Again, this is something that people look at my boat and think is weird. But trust me, putting up a staysail in 60 knots on your own; it works. (I’ve done it twice). The track for the mainsail comes down the mast, and then at the gooseneck goes to port and runs two feet down the mast (below a side entering gate). So you can drop the mainsail and push it to the side, open the gate, and hoist the trysail above it. The mainsail is contained on the track on the mast. Simple, but fantastic solutions.

I understand that this is not an easy thing to retrofit to an existing boat, but it is great to use.

trysail track with gate.jpeg

Bowsprit with anchor guard:

We have two bowsprits, long (for PHRF racing and cruising) and short (for IRC). But we needed to have a solution that allows us to retract a cruising anchor, via the electric winch and keep it on the bow. I had a difficult time explaining this to contractors, who found it difficult to get around the concept of a boat that has a bowsprit and a bow roller/electric winch as well.

What we ended up with is a very neat system; two light interchangeable bowsprits that bolt onto the bow, made of carbon. While carbon is extremely light and strong, it cannot take any impact (such as that of a anchor change being retrieved over it). The solution was to offset the bow roller to port, and cover the area of the bowsprit that is impacted by the anchor with a kevlar barrier.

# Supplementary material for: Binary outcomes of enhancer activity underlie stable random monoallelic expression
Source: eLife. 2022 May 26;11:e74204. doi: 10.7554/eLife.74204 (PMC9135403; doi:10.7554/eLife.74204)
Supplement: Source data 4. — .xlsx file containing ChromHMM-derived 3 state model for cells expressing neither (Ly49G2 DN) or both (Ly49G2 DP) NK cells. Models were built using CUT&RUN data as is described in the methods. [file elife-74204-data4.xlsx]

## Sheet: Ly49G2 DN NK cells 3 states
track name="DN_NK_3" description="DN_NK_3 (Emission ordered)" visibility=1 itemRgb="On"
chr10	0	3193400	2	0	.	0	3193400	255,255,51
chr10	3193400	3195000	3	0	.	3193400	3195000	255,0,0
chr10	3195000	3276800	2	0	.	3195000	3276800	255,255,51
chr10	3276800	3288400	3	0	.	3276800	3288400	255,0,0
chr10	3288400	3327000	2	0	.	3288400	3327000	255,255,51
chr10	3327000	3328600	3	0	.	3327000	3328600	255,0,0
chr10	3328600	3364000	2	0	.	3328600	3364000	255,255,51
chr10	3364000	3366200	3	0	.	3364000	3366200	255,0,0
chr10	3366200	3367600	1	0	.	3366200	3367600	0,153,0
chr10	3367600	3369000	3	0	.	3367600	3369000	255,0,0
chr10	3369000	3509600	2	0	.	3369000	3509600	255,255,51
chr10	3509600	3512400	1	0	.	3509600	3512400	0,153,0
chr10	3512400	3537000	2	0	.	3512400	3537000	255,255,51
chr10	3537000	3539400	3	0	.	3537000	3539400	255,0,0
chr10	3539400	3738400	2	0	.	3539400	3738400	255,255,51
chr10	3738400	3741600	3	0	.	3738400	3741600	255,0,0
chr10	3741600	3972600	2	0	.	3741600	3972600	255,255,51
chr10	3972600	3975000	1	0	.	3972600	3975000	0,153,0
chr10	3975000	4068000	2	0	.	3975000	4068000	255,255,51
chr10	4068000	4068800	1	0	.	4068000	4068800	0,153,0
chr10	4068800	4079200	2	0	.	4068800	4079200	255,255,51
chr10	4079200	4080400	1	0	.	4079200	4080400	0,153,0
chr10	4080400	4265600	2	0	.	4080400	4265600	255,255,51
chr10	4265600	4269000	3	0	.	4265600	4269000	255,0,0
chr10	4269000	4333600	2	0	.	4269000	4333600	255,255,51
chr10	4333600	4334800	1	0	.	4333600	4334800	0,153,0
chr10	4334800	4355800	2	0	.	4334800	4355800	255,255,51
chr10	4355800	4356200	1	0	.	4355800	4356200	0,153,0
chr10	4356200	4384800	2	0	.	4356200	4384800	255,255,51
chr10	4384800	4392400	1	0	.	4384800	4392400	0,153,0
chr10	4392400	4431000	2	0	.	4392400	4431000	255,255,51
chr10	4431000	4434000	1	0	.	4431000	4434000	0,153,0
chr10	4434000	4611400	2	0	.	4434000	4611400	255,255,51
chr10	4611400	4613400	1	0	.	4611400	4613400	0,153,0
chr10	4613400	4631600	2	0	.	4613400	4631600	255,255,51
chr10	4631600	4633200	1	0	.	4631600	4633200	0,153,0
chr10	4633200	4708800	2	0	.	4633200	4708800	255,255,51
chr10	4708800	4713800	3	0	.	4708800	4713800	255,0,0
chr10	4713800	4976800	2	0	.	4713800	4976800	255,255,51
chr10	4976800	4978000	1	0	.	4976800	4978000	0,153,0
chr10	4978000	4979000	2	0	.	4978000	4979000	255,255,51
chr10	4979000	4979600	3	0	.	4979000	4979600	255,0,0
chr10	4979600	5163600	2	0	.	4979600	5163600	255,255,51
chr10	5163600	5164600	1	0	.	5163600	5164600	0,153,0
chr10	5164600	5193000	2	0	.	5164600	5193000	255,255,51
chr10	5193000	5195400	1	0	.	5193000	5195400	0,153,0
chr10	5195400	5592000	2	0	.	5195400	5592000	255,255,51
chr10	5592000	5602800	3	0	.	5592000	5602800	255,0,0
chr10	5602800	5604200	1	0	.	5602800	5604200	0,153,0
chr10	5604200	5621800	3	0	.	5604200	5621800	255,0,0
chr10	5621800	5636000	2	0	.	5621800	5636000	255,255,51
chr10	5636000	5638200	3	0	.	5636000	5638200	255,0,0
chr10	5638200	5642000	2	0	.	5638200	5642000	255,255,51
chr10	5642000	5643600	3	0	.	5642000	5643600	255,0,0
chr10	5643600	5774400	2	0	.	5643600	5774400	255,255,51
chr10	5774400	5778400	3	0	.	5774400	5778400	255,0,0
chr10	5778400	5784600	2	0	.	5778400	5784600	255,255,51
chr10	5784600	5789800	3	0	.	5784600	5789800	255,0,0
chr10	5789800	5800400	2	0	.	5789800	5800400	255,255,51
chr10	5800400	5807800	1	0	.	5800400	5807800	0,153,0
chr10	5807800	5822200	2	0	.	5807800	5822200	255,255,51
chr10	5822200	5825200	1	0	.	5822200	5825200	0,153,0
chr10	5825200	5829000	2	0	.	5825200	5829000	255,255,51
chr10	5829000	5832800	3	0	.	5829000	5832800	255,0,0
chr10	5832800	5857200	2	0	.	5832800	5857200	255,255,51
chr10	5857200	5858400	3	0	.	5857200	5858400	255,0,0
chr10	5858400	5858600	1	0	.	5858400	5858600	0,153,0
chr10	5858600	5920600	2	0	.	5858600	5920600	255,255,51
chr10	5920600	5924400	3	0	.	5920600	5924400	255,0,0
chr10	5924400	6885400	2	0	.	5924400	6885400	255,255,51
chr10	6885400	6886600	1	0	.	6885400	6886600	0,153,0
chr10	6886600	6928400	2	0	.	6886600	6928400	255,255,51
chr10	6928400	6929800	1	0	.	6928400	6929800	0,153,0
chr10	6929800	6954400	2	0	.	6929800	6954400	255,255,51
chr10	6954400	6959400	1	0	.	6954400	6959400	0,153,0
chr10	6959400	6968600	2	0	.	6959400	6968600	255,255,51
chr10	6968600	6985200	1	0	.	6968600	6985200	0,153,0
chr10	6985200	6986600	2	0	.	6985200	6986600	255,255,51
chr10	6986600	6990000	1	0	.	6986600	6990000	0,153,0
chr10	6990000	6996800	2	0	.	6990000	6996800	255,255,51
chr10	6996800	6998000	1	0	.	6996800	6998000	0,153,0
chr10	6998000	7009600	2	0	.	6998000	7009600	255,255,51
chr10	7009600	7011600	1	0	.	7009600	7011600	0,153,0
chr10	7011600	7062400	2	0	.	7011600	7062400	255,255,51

The Shopping Bags:

We have two large bags, the opening at the top is the same size as the front hatch, and there is four snapshackles sewn into the corners. It has a webbing bottom to let the water run out. The snapshakles hook onto four saddles at the corners of the hatch inside the cabin. We can easily store our frozo (fractional code zero) or genoa staysail in these (sails that tend to be flown downwind and in reasonable weather, hence avoiding water ingress to the front cabin). To hoist, we just open the hatch, plug in and launch directly out of the hatch. The sail comes down the same way, then you can go forward in the cabin, unhook the bags from the saddles, hook them together and the sail is stored!

You can then hook in another bag with another sail, and off you go!

No excuses:

When we race, I have a “no double handed excuses” rule. That means that we aim to have our kites go up as fast as anyone else’s, and come down as late as anyone else. I’ve found that quite often we can do this, but the key is to have strong processes, both on the boat and between us, and to make sure that every sail change or mark rounding is organised and well thought through. And I rebut that this is only beneficial for racing. If you are cruising and you can effortlessly slip a reef in when a squall comes through, it makes for harmonious sailing. Apriori will never be finished; she will continue to evolve. As noted, our yacht was a standard, eighties cruiser racer that we have effectively turned into a fun, single or double hander, racer or cruiser, with limited effort and outlay.